In a raucous debate, the council voted 32-15 to approve zoning changes for Wal-Mart to construct a 150,000-square-foot superstore in a poor, largely black and Hispanic neighborhood on the West Side.
But the council rejected a second store that Wal-Mart wanted to build in a racially diverse, largely middle-class South Side neighborhood. The vote was 25-21, just shy of the majority of the 50-member council needed to make the zoning change.
The action means that for the time being, Detroit and the five boroughs of New York City are the only top 10 urban markets without a Wal-Mart store or approval to build one.
The Bentonville, Ark.-based discount chain ran into fierce opposition from community leaders and politicians who claim Wal-Mart pays substandard wages and drives small stores out of business.
"We are dealing with a huge company with a long history of predatory practices," said Alderman Helen Shiller, also accusing Wal-Mart of not providing adequate health care.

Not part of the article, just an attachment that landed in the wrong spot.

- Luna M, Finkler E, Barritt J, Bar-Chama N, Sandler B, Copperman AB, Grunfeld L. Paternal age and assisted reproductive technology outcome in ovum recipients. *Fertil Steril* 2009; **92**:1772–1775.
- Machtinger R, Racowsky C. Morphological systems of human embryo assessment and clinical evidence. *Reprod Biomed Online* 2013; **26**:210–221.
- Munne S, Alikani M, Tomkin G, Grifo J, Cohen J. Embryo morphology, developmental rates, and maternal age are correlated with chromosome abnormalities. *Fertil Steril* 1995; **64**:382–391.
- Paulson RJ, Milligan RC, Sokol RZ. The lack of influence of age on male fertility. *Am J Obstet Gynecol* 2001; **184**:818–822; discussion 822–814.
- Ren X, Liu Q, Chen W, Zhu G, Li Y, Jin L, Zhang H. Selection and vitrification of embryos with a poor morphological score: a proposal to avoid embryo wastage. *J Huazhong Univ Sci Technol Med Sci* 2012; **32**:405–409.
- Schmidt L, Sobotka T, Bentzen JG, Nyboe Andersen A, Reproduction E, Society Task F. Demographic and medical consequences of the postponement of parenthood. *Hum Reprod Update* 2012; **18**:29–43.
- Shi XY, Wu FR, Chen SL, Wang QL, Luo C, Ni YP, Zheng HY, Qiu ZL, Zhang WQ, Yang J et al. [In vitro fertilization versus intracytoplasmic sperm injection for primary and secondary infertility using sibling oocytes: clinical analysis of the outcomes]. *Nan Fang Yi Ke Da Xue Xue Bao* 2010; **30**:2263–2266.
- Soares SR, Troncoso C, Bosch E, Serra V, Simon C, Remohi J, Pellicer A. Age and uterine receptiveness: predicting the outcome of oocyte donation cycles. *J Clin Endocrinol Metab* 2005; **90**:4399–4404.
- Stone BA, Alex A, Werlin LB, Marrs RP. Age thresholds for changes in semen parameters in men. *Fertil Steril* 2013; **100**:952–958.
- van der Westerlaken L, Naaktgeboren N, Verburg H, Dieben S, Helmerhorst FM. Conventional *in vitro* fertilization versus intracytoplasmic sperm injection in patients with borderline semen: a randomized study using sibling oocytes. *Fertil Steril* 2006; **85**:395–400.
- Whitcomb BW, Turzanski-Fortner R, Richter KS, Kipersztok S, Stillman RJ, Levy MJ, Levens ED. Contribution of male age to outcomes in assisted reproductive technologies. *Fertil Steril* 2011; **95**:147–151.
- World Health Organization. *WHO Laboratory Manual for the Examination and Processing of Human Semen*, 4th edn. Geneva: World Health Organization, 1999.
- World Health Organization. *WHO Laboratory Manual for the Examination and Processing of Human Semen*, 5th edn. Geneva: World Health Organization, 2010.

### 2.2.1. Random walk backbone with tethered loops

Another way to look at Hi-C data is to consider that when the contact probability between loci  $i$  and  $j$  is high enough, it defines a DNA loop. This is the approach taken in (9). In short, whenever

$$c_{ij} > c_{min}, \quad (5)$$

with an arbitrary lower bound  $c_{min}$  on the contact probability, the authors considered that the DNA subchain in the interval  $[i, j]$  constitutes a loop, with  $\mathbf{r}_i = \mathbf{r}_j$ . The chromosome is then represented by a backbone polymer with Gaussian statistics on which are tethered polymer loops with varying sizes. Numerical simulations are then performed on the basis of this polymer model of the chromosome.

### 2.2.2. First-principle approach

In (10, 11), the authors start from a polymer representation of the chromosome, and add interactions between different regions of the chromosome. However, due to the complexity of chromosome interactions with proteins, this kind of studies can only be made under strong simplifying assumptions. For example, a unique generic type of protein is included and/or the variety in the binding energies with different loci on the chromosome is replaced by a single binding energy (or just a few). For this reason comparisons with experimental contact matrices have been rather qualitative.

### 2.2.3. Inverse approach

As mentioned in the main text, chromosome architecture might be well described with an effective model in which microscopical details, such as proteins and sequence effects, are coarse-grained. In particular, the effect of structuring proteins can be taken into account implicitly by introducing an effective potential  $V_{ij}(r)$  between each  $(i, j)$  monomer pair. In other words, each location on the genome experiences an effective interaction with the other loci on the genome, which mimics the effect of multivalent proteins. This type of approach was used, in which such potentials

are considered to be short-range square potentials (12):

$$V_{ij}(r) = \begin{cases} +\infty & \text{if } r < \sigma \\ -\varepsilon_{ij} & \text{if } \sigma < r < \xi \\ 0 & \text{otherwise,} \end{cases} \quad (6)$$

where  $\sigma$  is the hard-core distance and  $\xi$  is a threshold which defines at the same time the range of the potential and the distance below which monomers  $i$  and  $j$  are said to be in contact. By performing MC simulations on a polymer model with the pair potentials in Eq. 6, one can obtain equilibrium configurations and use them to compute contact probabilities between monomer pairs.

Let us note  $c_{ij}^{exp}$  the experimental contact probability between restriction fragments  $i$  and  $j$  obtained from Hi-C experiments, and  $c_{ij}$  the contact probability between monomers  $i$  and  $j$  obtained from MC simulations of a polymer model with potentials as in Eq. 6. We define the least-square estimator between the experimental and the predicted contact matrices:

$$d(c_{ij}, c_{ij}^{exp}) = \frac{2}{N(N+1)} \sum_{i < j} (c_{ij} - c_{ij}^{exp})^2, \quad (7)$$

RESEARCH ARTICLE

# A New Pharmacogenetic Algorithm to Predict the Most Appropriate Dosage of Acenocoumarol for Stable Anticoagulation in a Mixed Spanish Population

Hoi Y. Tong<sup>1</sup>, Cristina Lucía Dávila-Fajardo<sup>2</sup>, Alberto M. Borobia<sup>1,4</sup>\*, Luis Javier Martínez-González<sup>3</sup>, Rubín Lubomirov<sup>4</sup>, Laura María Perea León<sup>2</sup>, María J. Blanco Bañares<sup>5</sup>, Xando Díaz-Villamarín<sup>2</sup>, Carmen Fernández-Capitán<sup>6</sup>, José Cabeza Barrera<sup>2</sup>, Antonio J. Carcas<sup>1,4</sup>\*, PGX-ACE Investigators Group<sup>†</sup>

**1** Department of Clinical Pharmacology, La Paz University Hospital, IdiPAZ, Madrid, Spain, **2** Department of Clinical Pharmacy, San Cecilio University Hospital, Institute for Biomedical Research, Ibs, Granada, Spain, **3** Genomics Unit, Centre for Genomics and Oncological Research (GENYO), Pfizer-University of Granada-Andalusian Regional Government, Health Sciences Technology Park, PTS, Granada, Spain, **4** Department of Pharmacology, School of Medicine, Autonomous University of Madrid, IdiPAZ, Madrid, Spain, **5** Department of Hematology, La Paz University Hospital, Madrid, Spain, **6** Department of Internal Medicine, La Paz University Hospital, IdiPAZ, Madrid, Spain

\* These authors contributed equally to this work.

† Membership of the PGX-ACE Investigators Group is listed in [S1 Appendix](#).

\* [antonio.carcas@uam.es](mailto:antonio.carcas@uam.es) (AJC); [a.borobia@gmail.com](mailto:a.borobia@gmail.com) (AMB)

"They count on the city to provide assistance to their workers," she said. "We are creating more loss than gains."
Alderman Emma Mitts countered that people in her West Side ward need the jobs: "Take a ride in my area and see what I am dealing with day in and day out. There's a lack of jobs and opportunity."
The United Food and Commercial Workers union also opposed the plan, offering testimonials from two Wal-Mart employees who alleged mistreatment by the company.
A call to Wal-Mart's headquarters seeking comment was not returned.
Wal-Mart promised to find minority subcontractors to help build its stores and do its best to fill 75 to 80 percent of the 500 jobs with local residents.
In April, voters in the Los Angeles suburb of Inglewood rejected a superstore.
Earlier this week, a preservation group put all of Vermont on its list of America's most endangered places, warning that Wal-Mart's big-box stores threaten the New England state's small-town charm.